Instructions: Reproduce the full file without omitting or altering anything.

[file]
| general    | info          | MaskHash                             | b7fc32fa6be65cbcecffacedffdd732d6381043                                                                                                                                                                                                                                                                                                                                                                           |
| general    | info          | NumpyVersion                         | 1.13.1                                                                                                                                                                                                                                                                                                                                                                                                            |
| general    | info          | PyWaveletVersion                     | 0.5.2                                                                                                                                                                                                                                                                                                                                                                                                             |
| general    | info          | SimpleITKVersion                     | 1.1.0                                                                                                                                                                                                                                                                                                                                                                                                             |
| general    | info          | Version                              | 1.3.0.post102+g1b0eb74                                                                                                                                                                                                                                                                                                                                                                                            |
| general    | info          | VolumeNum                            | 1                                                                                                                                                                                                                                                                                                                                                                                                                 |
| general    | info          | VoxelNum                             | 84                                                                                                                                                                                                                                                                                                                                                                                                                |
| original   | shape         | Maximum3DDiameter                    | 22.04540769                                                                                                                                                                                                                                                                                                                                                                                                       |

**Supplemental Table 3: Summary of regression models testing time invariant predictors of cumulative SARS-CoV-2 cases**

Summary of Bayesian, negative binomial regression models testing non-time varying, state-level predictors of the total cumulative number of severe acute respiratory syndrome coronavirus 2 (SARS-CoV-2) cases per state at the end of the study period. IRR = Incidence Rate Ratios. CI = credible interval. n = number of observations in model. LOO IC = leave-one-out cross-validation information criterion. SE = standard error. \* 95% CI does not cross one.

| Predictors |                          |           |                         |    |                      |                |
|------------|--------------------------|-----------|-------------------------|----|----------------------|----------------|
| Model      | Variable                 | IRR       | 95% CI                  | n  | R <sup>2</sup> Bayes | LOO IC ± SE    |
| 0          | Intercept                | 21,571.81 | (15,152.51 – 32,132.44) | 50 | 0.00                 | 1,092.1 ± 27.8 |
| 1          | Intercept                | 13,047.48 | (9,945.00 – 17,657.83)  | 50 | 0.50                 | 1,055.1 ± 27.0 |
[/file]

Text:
| general    | info          | MaskHash                             | b7fc32fa6be65cbcecffacedffdd732d6381043                                                                                                                                                                                                                                                                                                                                                                           |
| general    | info          | NumpyVersion                         | 1.13.1                                                                                                                                                                                                                                                                                                                                                                                                            |
| general    | info          | PyWaveletVersion                     | 0.5.2                                                                                                                                                                                                                                                                                                                                                                                                             |
| general    | info          | SimpleITKVersion                     | 1.1.0                                                                                                                                                                                                                                                                                                                                                                                                             |
| general    | info          | Version                              | 1.3.0.post102+g1b0eb74                                                                                                                                                                                                                                                                                                                                                                                            |
| general    | info          | VolumeNum                            | 1                                                                                                                                                                                                                                                                                                                                                                                                                 |
| general    | info          | VoxelNum                             | 84                                                                                                                                                                                                                                                                                                                                                                                                                |
| original   | shape         | Maximum3DDiameter                    | 22.04540769                                                                                                                                                                                                                                                                                                                                                                                                       |

**Supplemental Table 3: Summary of regression models testing time invariant predictors of cumulative SARS-CoV-2 cases**

Summary of Bayesian, negative binomial regression models testing non-time varying, state-level predictors of the total cumulative number of severe acute respiratory syndrome coronavirus 2 (SARS-CoV-2) cases per state at the end of the study period. IRR = Incidence Rate Ratios. CI = credible interval. n = number of observations in model. LOO IC = leave-one-out cross-validation information criterion. SE = standard error. \* 95% CI does not cross one.

| Predictors |                          |           |                         |    |                      |                |
|------------|--------------------------|-----------|-------------------------|----|----------------------|----------------|
| Model      | Variable                 | IRR       | 95% CI                  | n  | R <sup>2</sup> Bayes | LOO IC ± SE    |
| 0          | Intercept                | 21,571.81 | (15,152.51 – 32,132.44) | 50 | 0.00                 | 1,092.1 ± 27.8 |
| 1          | Intercept                | 13,047.48 | (9,945.00 – 17,657.83)  | 50 | 0.50                 | 1,055.1 ± 27.0 |